I had to order that ASUS board with basically no reviews available. Looks like I made a solid choice, as I got it for $165. I'm hoping it's waiting for me when I get home from work. Reply
  • landerf - Thursday, January 20, 2011 - link

    Does anyone have a break down of what usb/sata controllers each asus model uses? Reply
  • ValueDriven - Thursday, January 20, 2011 - link

    Thank you for this article. For me very timely w.r.t. general sandy bridge and ASUS specifically.

    I recently grabbed an i5-2500K at Microcenter for $192 after-tax, and bundled with an ASUS P8P67 (not PRO, Crossfire only) for another $127 after-tax. For a total of $320. Now all I need is some DDR3 memory and I'll have the missing components for my new build (non-gamer). So for about $375-$400, I'll have for once the basis of a mid-level enthusiast build with the latest technology and over-clockable in the high 4-5GHz range. (I usually trail the technology, letting it "depreciate." Hence, ValueDriven.)

    I've had mixed results, but generally good, with ASUS boards. Long ago I had an ASUS P2B-F (i486 I think, PENTIUM III - 750MHz) which seemed pretty good and lasted a long long time.

    Next I had an ASUS A7N8X Deluxe (AMD Athlon) board which was OK, although it did finally fail. I only hated it relative to the ABIT NF-7S board I got for a 2nd setup which oc'd a lot better, taking my Athlon from a native 1460MHz up to about 2220MHz..

    Most recently I have an ASUS P5 Deluxe WiFi-AP (with a Core2 Quad 6600) which I got on clearance when CompUSA folded (to become kids 'puter). I really can't complain about this board. In fact, it has been great. The only thing it hasn't done is oc my Q6600 as high as I'd like, but I believe this is the fault of my TUNIQ Tower120 which has a crappy mount (press fit screw retainer heads popped off during installation - requiring torch & hammer repair). If I keep this Q6600 setup, I'll probably install a new heatsink...maybe a SCYTHE Mugen 2 w/ double fans which is sitting in the closet. But then I need to get a cooler for the i5-2500k! :(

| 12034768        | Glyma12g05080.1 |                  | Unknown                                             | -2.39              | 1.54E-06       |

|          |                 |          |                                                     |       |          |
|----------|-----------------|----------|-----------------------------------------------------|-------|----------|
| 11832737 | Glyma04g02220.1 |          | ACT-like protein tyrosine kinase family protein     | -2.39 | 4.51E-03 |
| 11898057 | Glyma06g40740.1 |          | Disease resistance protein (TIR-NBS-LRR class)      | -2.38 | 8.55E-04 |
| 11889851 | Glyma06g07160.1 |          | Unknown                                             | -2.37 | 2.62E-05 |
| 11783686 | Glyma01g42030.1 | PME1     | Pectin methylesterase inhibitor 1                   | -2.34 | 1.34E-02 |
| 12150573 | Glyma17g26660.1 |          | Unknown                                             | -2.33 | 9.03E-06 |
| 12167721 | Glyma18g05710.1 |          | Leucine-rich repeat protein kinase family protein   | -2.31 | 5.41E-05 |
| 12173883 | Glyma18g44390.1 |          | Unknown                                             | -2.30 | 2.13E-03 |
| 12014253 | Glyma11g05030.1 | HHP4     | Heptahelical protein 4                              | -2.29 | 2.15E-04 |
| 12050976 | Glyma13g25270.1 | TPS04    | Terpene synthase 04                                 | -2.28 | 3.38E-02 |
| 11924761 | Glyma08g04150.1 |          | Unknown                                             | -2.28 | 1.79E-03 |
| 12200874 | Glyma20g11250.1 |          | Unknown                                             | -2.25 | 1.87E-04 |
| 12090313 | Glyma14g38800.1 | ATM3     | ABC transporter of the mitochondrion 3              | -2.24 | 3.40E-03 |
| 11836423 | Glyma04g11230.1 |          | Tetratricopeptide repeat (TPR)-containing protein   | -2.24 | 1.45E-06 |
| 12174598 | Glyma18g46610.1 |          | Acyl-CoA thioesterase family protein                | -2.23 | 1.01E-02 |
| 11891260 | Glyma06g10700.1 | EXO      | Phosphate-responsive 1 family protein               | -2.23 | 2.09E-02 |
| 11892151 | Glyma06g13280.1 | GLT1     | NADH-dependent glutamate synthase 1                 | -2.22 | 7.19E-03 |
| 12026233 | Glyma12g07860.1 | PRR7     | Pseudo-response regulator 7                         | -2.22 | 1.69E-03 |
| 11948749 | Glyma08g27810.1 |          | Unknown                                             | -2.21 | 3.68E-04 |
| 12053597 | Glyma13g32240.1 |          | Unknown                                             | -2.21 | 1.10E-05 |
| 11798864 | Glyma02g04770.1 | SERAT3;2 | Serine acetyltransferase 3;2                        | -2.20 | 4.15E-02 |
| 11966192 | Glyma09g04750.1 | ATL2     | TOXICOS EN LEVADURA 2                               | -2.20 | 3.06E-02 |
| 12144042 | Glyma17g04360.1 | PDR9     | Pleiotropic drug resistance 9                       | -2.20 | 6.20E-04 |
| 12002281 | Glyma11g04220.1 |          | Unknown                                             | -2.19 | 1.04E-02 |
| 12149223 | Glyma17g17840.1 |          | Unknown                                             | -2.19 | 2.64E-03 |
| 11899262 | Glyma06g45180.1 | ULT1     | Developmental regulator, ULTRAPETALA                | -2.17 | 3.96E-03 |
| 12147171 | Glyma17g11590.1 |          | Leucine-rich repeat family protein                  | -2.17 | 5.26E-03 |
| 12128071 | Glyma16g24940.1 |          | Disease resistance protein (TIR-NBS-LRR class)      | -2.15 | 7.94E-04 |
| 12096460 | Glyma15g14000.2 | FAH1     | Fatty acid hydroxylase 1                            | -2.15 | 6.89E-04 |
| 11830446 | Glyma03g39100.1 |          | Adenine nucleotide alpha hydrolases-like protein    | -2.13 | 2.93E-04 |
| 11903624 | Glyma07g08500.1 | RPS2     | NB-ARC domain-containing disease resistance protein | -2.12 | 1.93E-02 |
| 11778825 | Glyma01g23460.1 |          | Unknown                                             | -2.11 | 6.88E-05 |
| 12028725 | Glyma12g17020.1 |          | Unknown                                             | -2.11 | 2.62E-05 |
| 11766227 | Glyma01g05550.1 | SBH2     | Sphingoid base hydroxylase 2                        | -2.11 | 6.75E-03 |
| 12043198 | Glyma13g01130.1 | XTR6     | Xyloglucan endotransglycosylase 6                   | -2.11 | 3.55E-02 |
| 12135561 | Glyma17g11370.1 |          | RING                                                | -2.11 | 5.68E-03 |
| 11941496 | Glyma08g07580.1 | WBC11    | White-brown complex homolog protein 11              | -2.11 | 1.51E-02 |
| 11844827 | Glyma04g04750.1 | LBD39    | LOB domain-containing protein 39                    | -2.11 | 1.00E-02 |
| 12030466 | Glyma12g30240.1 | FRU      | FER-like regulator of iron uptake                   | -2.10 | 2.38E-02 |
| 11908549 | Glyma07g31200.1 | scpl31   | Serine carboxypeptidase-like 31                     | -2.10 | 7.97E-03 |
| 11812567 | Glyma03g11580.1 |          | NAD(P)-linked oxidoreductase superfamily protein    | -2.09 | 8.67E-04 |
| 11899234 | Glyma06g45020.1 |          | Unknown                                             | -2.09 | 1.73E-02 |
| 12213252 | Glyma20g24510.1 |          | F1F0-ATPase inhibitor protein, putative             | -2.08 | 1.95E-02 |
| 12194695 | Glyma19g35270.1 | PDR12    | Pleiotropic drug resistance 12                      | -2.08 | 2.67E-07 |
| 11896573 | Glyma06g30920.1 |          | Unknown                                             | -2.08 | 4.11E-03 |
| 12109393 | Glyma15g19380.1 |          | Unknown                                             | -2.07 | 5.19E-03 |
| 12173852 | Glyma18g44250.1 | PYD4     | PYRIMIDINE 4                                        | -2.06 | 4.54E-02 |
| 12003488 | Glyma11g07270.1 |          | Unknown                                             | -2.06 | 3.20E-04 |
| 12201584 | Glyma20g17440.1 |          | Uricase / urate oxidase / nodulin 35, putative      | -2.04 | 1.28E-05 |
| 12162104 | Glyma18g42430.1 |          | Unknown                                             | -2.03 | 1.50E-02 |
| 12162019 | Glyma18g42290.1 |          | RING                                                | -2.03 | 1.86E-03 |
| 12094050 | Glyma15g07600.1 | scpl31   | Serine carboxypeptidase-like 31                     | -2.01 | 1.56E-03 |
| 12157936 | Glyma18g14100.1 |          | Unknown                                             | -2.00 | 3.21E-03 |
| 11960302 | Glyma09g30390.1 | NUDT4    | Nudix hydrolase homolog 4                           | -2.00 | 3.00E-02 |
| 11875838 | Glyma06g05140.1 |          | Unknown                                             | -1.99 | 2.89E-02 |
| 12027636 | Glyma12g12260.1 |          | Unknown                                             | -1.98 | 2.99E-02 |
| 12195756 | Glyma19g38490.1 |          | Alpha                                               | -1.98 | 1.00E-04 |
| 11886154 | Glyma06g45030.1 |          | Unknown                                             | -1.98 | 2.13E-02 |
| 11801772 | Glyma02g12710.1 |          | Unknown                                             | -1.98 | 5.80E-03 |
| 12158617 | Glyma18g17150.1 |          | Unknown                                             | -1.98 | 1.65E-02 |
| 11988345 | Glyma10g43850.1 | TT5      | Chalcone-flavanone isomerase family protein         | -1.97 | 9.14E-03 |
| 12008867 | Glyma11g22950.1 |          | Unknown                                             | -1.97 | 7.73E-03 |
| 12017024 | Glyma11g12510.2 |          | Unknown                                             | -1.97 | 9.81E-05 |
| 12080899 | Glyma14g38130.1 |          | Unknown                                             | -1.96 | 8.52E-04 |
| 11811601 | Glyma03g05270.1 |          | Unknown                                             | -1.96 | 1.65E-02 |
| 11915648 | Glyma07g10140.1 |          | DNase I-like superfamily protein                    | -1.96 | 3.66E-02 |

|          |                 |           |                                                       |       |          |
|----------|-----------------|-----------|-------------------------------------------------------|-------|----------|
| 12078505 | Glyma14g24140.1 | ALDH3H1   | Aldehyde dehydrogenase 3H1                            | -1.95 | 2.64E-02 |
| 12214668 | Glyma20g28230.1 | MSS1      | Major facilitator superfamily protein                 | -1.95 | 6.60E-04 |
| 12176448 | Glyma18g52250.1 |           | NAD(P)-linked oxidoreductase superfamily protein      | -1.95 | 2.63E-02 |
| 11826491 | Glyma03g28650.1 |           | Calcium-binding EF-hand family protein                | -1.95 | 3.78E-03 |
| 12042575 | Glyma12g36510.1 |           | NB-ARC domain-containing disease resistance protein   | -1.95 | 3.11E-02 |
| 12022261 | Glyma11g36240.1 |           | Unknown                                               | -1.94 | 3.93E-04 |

The only GIGABYTE board I have, a GA-EP45-UD3R, I have never used. I bought it and an INTEL Q9550 for a new build which I'm probably going to skip & resell the parts. But I did buy it b/c I had heard good things about this board. (Mugen was originally for this setup.)

    SO for me the real question is: Is it better to keep the Sandy Bridge setup & part out either my unused Q9550 setup or my used Q6600 setup, OR is it better to return the Sandy Bridge and just build my Q9950? The jury is still out!
    Reply
  • darckhart - Thursday, January 20, 2011 - link

    It's not really value driven if you don't use the parts you buy... it's just a loss. that continues to depreciate.

    wrt your situation, move forward with the sandy bridge since you have it already. at 4.5+ GHz, and new board features like usb3 etc, it's already loads better than a q9550 oc and p45 chipset.
    Reply
  • strikeback03 - Friday, January 21, 2011 - link

    I'd have to check, but I believe that is the same processor and motherboard I referenced above. In which case I couldn't recommend it unless you naturally shut the computer down daily or similar. We have it set up next to a stock-clock Q6600/P35 system and the student using them says the Q9550 feels faster, that said if overclocking you probably won't be able to tell much of a difference and the newer parts would probably get you more money back. the i5 is going to be a lot faster. Reply
  • DaveSimmons - Thursday, January 20, 2011 - link

    Do any of the three support Dolby Digital Live real-time encoding of game audio as 5.1 for the optical digital port?

    I'm using analog outs for my socket775 system but may be switching to optical digital for my next build.
    Reply
  • ajp_anton - Thursday, January 20, 2011 - link

    You should've benchmarked the LAN connection. Is there any difference between Intel and Realtek? Reply